By Dashaun Simmons
Once upon a time Fort Greene Park was a place where only Five Percenters and people looking for trouble would go. Nowadays thanks to heavy gentrification the park is very diversified and safe. People of all nationalities frequent this big hill of a park, some playing tennis, others playing soccer. For one day in the summer this new multicultural community comes together for an event called the Fort Greene Festival. Its purpose is to celebrate music, food, and most of all, its people. Restaurants from the neighborhood set up as vendors all around the main area, while musicians of all types took the stage (many of them residents) to entertain.
The hosts of the festival, Toure and Rosie Perez, both Brooklyn residents did a better job this year of moving the show along. Toure continuously injected his normal banter of corn on the cob while Rosie kept the mood down to earth and wholesome. She was visibly upset when a few of the performers let loose some words of profanity, which is strictly forbidden at this event (unless you’re the headliner).
The acts on the bill crossed many genres from rock to experimental hip hop, R&B and even punk. One attention grabbing performance came from Detroit’s own songstress Sophia Urista. Wearing nothing but her amazingly styled Afro and a bathing suit from the 1960s, Sophia captivated the audience with her visual presence as well as her vocals. More than a few guys and some women (it was pride weekend) took a couple of steps closer to the stage for her set. Brooklyn’s own Game Rebellion did their normal high-energy performance. Their first song got a mosh pit started to the left of the stage much to the chagrin of some unsuspecting audience members. Luckily no one seemed to get hurt in the controlled melee. Philly’s own Res performed an amazing set showcasing her range as an artist. She did songs from her debut album How I Do alongside newer material from her group with Talib Kweli, Idle Warship and a song or two from her yet to be released EP Re Fried Mac. Rahzel even stopped by for a brief surprise beat-box set, which left folks begging for more. Rosie however was not enthused when he let loose a few curse words. Someone forgot to tell the Godfather of Noise that this wasn’t a regular hip hop event.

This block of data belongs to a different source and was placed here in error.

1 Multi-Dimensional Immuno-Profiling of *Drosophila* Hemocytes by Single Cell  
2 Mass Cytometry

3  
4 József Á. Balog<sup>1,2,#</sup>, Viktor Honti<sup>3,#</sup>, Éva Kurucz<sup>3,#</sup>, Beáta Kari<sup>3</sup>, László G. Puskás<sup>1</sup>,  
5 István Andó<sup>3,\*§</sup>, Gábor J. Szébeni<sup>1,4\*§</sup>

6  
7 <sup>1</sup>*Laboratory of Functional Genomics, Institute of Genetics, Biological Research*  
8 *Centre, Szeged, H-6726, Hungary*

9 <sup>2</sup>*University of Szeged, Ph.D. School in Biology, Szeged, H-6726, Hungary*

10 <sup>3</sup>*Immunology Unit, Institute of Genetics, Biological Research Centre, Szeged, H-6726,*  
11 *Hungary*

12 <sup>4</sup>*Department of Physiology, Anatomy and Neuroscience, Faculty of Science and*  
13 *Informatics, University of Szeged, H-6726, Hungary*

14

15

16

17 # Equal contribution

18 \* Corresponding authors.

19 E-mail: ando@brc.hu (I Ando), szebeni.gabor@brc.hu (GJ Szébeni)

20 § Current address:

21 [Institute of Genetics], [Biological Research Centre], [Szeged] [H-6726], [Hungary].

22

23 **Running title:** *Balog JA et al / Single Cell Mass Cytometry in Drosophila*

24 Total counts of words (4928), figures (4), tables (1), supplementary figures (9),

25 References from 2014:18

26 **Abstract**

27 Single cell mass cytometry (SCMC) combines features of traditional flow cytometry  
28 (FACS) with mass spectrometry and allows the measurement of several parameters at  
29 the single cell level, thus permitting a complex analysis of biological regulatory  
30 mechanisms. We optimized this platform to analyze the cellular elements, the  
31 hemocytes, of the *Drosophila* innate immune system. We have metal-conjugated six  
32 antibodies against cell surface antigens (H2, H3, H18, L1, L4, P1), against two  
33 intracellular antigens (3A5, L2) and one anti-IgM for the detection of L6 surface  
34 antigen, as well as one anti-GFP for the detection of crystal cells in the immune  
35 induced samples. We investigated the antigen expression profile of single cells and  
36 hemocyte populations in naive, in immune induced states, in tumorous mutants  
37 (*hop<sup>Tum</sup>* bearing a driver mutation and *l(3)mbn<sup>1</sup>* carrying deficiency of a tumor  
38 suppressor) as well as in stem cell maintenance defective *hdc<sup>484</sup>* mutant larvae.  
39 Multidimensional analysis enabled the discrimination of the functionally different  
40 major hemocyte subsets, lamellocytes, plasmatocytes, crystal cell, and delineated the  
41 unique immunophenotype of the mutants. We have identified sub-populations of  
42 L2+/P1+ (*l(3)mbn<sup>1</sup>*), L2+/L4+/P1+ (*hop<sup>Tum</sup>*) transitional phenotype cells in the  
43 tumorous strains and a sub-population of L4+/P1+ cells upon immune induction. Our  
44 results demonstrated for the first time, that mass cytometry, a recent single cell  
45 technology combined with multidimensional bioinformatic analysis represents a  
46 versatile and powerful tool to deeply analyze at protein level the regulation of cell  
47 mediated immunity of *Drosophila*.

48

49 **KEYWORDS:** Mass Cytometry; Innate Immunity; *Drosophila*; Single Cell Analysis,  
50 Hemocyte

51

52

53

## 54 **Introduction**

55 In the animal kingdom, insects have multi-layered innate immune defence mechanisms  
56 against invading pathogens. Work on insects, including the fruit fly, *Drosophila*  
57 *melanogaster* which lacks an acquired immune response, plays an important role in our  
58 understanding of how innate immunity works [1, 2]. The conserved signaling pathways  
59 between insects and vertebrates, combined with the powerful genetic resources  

Right before the headliner Mos Def took the stage his brother DCQ under the name Medina Green got the crowd to turn straight angry. His set was unfocused and accented by the kind of language that got boos and audible sighs from the crowd. By the time he left they were chanting for Mos. As Brooklyn’s own the mighty Mos took the stage everything went back to being peaceful. He took the whole park on a journey through his mind from numerous tributes to Michael Jackson (it was the 2nd anniversary of his death) to the many energetic records from his last album The Ecstatic. The high point of his set had to be when he performed the classic Umi Says with his mother handing out beautiful flowers from the stage. His performance was playful and full of smiles and truly embodied the spirit of the Fort Green Festival. This is one festival that keeps getting better. Let’s see how they plan to top this next year.